extract columns from file based on header selected from 2nd file
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5.9 years ago
joaofadista ▴ 50

I have one large text table, tab separated. The first row is a header. I then have a second text file that contains a subset of the headers in the first file. I want to extract all the columns of the first file whose header is contained in the list given in the second file. Here an example of the inputs and the desired output:

DATA.TXT

   head0 head1 head2 head3 head4  
    1 25 1364 22 13  
    2 10 215 1 22  

LIST.TXT

head0  
head4  

Desired output:

head0 head4  
1 13  
2 22
extract columns ID • 10k views
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Can we have a few actual examples of the header names? It's easy if they do actually end 0, 1, 2, 3 ... but I assume they don't?

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How can i do it in R? Thanks

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How can i do it in R? Thanks

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5.9 years ago
iraun ★ 3.8k

Just with a simple google search a hundred of questions/answers related to this topic can be easily found, specially, in stackoverflow: http://unix.stackexchange.com/questions/114829/display-column-that-has-a-specific-string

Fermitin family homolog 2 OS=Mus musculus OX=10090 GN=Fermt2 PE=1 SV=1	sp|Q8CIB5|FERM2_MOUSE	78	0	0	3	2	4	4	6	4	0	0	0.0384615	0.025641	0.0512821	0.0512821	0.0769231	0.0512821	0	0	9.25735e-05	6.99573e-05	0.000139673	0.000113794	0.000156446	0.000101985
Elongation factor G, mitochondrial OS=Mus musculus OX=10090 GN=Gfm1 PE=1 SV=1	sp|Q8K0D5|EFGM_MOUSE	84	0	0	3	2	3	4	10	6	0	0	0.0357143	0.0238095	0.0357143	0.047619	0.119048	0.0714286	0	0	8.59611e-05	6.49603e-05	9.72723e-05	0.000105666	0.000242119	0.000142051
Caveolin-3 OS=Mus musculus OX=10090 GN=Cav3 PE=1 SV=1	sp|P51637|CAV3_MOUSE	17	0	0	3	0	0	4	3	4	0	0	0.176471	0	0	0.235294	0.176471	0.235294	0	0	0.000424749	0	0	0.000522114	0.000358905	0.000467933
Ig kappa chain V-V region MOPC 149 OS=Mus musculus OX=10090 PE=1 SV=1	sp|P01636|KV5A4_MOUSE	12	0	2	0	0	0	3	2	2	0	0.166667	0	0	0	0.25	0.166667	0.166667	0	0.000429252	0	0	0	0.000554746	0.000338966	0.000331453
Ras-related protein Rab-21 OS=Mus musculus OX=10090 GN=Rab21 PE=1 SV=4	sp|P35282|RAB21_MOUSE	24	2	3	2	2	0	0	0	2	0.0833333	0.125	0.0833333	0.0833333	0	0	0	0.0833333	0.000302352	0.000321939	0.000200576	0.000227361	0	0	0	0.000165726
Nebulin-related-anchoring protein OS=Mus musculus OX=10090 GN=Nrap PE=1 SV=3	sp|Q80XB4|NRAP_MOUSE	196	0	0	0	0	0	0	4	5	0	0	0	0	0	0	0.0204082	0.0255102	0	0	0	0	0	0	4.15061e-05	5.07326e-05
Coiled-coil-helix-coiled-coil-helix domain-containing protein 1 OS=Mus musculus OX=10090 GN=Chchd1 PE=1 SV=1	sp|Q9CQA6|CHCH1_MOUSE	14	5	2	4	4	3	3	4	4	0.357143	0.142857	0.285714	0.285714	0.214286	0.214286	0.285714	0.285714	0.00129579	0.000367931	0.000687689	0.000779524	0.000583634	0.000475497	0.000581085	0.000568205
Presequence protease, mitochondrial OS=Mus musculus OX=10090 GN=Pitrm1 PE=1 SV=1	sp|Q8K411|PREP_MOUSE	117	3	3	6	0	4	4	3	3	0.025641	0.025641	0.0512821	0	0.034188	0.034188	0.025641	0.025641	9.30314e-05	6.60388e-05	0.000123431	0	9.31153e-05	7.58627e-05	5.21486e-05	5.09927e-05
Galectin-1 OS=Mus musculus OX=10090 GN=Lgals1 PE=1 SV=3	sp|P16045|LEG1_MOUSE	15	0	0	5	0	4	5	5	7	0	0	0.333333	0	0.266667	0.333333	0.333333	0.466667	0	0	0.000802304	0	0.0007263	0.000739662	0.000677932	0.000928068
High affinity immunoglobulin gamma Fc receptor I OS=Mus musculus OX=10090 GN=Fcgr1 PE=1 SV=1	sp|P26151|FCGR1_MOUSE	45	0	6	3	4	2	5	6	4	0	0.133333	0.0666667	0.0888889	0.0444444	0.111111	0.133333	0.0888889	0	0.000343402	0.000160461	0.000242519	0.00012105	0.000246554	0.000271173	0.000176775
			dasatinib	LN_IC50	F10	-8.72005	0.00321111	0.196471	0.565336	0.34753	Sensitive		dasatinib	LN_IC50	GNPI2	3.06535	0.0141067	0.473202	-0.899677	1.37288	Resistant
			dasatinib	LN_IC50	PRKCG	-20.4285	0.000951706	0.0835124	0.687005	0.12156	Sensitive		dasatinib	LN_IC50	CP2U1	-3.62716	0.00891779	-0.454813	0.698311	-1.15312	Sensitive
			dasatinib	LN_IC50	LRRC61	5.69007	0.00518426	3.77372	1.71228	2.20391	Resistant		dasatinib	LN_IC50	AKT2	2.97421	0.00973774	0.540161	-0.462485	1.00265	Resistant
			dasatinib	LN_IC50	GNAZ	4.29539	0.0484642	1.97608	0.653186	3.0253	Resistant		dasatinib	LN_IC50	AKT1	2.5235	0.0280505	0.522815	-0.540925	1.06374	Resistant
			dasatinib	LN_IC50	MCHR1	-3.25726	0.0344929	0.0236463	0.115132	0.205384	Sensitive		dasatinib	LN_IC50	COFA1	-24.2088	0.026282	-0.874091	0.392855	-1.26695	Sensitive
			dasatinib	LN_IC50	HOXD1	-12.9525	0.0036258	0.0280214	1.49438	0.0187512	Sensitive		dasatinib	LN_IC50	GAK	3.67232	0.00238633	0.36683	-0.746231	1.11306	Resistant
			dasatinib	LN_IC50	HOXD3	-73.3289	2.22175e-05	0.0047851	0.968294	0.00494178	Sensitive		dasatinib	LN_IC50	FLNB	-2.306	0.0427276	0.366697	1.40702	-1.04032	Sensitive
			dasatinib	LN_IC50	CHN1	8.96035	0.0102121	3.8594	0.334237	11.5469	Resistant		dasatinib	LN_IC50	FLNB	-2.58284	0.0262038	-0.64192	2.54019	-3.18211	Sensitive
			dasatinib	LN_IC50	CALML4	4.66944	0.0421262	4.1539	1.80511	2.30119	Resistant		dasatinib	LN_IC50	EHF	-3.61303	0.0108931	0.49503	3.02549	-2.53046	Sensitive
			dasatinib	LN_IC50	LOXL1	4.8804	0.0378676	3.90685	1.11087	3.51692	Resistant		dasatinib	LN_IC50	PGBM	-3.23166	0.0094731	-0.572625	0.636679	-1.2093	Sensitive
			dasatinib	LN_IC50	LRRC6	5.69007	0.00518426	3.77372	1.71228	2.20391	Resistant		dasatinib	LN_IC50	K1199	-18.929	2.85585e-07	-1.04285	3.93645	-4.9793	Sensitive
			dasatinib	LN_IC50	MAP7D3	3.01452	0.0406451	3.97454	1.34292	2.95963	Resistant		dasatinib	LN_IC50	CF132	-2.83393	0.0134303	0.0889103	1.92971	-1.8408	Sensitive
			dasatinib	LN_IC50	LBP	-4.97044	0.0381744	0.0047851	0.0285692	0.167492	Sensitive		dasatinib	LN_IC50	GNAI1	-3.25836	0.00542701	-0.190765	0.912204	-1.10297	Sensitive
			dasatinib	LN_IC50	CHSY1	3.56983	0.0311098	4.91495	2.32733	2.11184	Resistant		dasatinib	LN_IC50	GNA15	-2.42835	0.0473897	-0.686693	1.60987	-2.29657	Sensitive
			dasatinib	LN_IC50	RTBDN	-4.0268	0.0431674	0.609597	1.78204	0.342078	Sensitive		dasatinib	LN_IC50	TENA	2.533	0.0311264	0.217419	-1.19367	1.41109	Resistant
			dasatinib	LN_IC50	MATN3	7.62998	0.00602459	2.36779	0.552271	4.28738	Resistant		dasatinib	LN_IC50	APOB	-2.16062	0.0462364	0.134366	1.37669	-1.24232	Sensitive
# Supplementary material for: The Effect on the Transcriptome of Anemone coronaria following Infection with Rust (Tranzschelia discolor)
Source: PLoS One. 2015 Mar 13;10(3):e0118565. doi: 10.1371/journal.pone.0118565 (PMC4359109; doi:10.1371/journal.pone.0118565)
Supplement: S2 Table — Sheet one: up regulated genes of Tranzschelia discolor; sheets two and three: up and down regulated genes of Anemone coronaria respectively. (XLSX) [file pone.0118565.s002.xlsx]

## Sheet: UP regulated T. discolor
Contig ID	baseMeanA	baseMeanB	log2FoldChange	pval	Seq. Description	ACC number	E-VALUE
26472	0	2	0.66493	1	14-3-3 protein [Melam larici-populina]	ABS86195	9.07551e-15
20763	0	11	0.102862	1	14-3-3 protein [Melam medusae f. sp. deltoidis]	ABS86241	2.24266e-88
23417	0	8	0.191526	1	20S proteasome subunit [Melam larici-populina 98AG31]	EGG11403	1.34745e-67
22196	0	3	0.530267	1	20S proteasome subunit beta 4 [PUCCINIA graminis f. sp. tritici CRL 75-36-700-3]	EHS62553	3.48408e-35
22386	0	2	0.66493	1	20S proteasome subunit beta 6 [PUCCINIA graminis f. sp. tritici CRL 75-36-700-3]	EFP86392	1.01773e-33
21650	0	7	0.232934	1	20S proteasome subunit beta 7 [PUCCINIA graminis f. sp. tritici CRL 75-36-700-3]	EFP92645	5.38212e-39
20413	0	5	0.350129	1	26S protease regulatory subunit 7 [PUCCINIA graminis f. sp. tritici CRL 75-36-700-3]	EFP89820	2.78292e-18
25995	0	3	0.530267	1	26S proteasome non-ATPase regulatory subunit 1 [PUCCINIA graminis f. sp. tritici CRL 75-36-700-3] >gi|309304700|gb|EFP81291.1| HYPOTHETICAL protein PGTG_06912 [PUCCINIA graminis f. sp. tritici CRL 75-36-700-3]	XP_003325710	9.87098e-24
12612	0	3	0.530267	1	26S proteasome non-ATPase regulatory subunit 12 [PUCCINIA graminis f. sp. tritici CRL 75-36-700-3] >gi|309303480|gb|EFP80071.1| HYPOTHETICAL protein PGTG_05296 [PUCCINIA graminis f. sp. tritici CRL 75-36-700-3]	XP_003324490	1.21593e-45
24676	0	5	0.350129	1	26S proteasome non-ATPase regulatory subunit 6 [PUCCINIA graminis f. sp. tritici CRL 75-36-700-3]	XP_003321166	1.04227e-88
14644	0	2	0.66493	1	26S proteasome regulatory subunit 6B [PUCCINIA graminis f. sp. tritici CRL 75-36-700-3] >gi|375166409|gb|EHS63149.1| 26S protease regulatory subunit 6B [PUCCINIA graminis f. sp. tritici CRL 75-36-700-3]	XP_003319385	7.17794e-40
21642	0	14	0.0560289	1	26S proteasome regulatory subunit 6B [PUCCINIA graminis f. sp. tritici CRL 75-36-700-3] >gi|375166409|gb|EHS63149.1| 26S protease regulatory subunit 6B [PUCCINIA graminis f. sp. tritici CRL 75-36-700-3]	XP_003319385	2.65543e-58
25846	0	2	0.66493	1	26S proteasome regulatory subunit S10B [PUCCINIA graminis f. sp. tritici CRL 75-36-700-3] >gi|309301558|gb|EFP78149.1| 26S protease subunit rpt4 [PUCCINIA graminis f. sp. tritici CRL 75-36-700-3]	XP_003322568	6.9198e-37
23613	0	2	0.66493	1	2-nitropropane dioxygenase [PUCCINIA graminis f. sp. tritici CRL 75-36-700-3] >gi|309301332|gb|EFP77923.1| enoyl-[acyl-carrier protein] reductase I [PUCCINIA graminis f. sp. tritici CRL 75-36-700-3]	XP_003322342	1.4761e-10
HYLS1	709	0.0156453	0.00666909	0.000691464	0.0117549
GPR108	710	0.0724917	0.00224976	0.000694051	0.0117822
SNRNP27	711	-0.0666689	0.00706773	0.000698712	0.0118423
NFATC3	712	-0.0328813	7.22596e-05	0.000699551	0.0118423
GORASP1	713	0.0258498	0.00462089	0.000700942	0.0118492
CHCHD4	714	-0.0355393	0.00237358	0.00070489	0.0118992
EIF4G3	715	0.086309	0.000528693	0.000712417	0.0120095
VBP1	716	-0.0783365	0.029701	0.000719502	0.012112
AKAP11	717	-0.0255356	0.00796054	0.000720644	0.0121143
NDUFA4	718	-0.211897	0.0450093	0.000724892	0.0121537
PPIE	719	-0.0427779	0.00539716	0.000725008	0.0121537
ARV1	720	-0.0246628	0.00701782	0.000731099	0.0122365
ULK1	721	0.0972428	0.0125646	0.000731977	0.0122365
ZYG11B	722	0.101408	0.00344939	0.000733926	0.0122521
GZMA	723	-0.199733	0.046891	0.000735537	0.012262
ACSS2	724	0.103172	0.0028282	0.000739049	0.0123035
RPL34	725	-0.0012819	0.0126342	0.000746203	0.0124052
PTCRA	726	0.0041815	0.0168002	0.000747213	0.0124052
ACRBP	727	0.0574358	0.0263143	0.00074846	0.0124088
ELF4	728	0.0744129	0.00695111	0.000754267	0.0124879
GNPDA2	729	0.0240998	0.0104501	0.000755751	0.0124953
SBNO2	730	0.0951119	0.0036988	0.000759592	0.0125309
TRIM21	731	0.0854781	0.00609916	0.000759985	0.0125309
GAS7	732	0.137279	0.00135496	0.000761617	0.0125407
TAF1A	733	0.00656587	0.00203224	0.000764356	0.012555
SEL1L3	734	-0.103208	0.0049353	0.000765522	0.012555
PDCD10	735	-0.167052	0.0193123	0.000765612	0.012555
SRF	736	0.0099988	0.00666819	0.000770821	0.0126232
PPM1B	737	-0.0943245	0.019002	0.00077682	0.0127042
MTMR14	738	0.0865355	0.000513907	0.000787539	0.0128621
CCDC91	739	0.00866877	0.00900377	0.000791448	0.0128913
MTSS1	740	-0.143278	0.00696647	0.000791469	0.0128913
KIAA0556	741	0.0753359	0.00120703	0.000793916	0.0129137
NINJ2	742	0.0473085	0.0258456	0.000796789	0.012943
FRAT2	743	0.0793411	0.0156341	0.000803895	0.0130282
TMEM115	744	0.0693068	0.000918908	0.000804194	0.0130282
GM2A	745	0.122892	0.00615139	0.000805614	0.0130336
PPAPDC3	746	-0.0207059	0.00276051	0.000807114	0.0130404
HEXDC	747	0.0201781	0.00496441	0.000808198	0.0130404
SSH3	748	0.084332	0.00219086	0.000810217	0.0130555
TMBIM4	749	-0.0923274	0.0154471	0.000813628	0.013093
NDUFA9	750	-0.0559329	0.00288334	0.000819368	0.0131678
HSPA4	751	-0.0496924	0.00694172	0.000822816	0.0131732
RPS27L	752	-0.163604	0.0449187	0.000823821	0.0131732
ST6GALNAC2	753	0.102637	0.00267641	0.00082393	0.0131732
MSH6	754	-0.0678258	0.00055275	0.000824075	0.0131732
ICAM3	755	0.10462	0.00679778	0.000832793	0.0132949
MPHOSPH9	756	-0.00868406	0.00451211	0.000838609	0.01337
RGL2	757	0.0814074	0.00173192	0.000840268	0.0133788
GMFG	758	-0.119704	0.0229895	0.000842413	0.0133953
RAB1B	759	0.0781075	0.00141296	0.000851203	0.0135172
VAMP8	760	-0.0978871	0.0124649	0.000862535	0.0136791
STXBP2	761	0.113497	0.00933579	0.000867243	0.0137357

I'd suggest you to try to solve this kind of problems searching on internet and trying yourself before asking. In this case, you can get what you want with a little modification to the solution proposed on the link:

awk -F'\t' 'NR==FNR{arr[$1]++;next}{for(i=1; i<=NF; i++) if ($i in arr){a[i]++;}} { for (i in a) printf "%s\t", $i; printf "\n"}' file2 file1
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This works perfectly. However, if LIST.TXT contains headers which do not exist in DATA.TXT, say headX and headY, and their order is "head0, headX, head4, headY", can the output include null values for headX and headY columns and also print output in the same order as in LIST.TXT file?

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5.9 years ago
george.ry ★ 1.1k

Ok, regardless of my comment above ... two bash commands should see you done ...

paste <(seq 1 $(head -1 DATA.TXT | wc -w))  <(head -1 DATA.TXT | tr '\t' '\n') > TMP
cat DATA.TXT | cut -f$(grep -wFf LIST.TXT TMP | cut -f1 | sed ':a;N;$!ba;s/\n/,/g') > OUTPUT

It's the sort of thing that's easier in R or something, though!

// EDIT // On a Mac (useless BSD rather than GNU tools!) apparently you'd have to alter the sed command there to ...

sed -e ':a' -e 'N' -e '$!ba' -e 's/\n/,/g'
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Thanks George, but it outputs this error message:

cut: option requires an argument -- 'f'
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5.9 years ago

if you know the columns in advance, and depending upon the delimitator, you can simply use a cut command. If tabs are used, in this case you select the first and fifth column

cat DATA.TXT | cut -f 1,5 > output.file

This requires you to reveal the desired columns. If this is easy to check, see how easy the code is

If the delimiting is different to a tab, such as an empty space

cat DATA.TXT | cut -d " " -f 1,5 > output.file

I dare to put this here because of the simplicity of this code

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